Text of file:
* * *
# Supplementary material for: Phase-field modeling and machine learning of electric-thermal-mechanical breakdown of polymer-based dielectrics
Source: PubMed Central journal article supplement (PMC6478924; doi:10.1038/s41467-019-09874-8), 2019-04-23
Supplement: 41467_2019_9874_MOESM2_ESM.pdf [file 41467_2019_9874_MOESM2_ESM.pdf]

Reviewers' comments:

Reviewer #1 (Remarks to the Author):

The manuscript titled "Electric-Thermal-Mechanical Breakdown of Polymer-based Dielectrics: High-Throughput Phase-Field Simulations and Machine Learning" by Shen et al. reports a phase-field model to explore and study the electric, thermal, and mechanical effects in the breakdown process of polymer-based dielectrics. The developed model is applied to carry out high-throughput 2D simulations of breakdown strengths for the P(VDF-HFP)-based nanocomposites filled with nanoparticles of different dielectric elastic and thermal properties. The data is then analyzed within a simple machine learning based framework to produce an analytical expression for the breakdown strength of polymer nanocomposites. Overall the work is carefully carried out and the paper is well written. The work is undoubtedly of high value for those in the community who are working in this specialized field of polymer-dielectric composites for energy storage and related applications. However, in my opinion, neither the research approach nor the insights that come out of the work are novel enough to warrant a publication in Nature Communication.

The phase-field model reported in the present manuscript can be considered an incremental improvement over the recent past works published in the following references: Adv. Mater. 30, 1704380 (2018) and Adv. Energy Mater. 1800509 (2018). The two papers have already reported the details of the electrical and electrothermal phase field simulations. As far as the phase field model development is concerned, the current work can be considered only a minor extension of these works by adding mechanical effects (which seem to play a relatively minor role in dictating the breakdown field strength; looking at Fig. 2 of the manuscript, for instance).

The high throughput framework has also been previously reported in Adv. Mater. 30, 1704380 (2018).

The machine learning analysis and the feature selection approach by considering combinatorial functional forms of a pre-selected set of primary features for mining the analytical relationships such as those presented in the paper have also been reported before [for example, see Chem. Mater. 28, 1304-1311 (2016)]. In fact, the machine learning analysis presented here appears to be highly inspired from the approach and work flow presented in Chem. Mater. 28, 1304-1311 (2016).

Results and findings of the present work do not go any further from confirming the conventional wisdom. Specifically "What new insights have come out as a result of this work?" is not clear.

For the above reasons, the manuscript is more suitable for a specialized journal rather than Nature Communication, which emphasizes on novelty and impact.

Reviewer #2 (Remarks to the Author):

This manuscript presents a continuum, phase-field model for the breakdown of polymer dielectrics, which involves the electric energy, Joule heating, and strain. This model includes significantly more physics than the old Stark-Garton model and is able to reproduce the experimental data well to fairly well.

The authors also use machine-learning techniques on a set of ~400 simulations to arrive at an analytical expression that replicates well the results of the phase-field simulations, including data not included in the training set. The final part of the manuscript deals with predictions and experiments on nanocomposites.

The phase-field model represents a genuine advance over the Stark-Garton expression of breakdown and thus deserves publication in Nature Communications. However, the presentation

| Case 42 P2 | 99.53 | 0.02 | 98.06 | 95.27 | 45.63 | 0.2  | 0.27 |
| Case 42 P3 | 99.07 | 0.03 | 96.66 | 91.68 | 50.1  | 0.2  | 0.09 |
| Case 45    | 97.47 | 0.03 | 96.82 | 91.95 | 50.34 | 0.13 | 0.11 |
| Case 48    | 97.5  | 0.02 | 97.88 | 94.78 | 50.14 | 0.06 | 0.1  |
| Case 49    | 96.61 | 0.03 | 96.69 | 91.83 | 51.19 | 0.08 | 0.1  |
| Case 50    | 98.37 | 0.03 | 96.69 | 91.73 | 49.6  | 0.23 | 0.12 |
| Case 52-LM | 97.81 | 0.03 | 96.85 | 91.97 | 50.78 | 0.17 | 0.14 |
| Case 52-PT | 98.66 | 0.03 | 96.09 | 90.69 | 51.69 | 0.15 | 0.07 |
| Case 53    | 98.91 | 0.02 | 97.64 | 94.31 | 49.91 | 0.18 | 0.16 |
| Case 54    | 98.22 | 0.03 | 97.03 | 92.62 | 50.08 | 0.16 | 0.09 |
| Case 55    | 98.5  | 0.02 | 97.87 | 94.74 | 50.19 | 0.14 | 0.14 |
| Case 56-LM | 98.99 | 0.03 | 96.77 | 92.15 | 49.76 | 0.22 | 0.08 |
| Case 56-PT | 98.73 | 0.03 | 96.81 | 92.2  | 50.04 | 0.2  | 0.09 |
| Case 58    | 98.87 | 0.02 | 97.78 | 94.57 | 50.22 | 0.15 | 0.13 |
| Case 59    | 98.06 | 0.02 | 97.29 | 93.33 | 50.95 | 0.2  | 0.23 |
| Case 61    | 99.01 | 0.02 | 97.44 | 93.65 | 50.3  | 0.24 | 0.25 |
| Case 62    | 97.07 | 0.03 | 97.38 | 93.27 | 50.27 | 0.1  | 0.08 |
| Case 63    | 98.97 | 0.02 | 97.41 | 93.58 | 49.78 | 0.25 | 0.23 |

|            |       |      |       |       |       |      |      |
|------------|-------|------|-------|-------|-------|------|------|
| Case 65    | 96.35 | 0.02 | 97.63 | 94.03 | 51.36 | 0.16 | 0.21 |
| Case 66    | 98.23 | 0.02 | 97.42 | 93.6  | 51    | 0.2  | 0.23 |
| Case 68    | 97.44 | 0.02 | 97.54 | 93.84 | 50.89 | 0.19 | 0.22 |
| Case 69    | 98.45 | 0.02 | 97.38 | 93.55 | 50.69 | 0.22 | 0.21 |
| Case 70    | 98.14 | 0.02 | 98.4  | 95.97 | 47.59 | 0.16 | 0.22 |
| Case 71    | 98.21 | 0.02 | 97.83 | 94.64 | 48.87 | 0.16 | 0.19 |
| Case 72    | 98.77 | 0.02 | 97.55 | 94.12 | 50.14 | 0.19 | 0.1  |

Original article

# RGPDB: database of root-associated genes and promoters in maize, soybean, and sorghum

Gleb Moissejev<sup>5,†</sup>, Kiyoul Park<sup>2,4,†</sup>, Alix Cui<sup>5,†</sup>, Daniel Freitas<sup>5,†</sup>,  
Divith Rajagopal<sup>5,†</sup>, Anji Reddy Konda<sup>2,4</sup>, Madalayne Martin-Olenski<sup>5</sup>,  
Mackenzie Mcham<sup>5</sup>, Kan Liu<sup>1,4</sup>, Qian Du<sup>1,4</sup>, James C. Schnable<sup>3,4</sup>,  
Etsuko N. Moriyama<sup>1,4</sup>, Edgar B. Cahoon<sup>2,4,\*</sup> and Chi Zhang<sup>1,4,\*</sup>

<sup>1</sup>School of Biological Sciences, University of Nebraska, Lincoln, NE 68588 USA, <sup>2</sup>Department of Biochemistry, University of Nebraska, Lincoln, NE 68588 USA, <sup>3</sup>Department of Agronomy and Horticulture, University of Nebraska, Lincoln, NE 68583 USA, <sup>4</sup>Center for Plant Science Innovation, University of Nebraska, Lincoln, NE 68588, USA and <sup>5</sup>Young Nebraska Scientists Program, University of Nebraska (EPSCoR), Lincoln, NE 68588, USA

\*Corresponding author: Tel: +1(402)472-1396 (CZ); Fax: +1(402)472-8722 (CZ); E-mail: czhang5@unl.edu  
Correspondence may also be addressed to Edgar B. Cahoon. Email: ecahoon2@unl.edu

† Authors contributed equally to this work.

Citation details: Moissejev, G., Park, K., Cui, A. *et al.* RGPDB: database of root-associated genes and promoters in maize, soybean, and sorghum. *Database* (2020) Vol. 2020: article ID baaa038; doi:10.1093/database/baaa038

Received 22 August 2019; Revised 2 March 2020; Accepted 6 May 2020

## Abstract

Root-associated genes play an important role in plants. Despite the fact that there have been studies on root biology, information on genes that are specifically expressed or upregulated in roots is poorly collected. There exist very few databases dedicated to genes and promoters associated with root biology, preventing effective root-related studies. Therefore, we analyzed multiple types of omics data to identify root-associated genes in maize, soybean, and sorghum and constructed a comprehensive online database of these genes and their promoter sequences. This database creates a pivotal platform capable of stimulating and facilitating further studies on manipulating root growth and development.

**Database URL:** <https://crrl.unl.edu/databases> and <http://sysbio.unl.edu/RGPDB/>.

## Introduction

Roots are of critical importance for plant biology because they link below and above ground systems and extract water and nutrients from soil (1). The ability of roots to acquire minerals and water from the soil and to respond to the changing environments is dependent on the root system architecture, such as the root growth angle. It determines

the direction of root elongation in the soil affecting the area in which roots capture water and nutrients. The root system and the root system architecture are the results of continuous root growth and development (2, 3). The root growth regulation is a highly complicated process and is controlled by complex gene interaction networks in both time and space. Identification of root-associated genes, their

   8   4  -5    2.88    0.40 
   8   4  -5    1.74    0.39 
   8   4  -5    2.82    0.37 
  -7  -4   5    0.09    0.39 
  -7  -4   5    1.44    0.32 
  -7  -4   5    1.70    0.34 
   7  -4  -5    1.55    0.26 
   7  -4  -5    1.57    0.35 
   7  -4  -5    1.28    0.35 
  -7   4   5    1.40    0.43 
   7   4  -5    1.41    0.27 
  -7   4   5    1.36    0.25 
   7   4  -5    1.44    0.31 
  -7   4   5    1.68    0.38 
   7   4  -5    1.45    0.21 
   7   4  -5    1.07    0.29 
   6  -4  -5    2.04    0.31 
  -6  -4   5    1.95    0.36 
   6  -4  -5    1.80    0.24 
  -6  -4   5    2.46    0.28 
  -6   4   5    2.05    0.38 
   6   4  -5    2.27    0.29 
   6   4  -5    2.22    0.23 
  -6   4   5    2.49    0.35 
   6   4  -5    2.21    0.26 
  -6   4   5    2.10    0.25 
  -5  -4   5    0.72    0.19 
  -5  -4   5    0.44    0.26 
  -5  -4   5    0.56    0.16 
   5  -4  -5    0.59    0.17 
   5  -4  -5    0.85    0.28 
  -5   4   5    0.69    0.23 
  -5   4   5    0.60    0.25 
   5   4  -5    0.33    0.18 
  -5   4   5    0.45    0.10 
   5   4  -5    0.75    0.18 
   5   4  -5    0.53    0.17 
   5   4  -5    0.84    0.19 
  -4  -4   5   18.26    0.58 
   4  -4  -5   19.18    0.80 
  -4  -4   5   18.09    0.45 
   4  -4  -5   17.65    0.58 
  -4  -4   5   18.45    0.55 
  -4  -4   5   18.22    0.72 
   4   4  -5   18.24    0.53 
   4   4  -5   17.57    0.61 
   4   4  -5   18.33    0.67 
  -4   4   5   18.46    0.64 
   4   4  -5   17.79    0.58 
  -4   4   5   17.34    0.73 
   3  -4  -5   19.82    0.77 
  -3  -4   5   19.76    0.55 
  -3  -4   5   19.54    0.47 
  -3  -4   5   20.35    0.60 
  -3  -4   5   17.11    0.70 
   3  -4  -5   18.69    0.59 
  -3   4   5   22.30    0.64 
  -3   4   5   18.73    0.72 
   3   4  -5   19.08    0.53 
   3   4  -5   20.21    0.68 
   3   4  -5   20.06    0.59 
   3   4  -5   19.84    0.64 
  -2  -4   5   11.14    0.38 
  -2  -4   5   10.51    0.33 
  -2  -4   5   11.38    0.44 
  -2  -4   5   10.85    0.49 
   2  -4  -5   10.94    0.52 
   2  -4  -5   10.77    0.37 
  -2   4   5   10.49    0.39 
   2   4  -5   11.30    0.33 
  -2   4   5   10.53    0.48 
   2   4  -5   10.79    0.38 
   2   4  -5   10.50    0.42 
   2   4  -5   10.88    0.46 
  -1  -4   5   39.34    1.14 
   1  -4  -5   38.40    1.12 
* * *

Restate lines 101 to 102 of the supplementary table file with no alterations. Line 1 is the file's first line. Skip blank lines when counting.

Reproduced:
  -4  -4   5   18.09    0.45 
   4  -4  -5   17.65    0.58 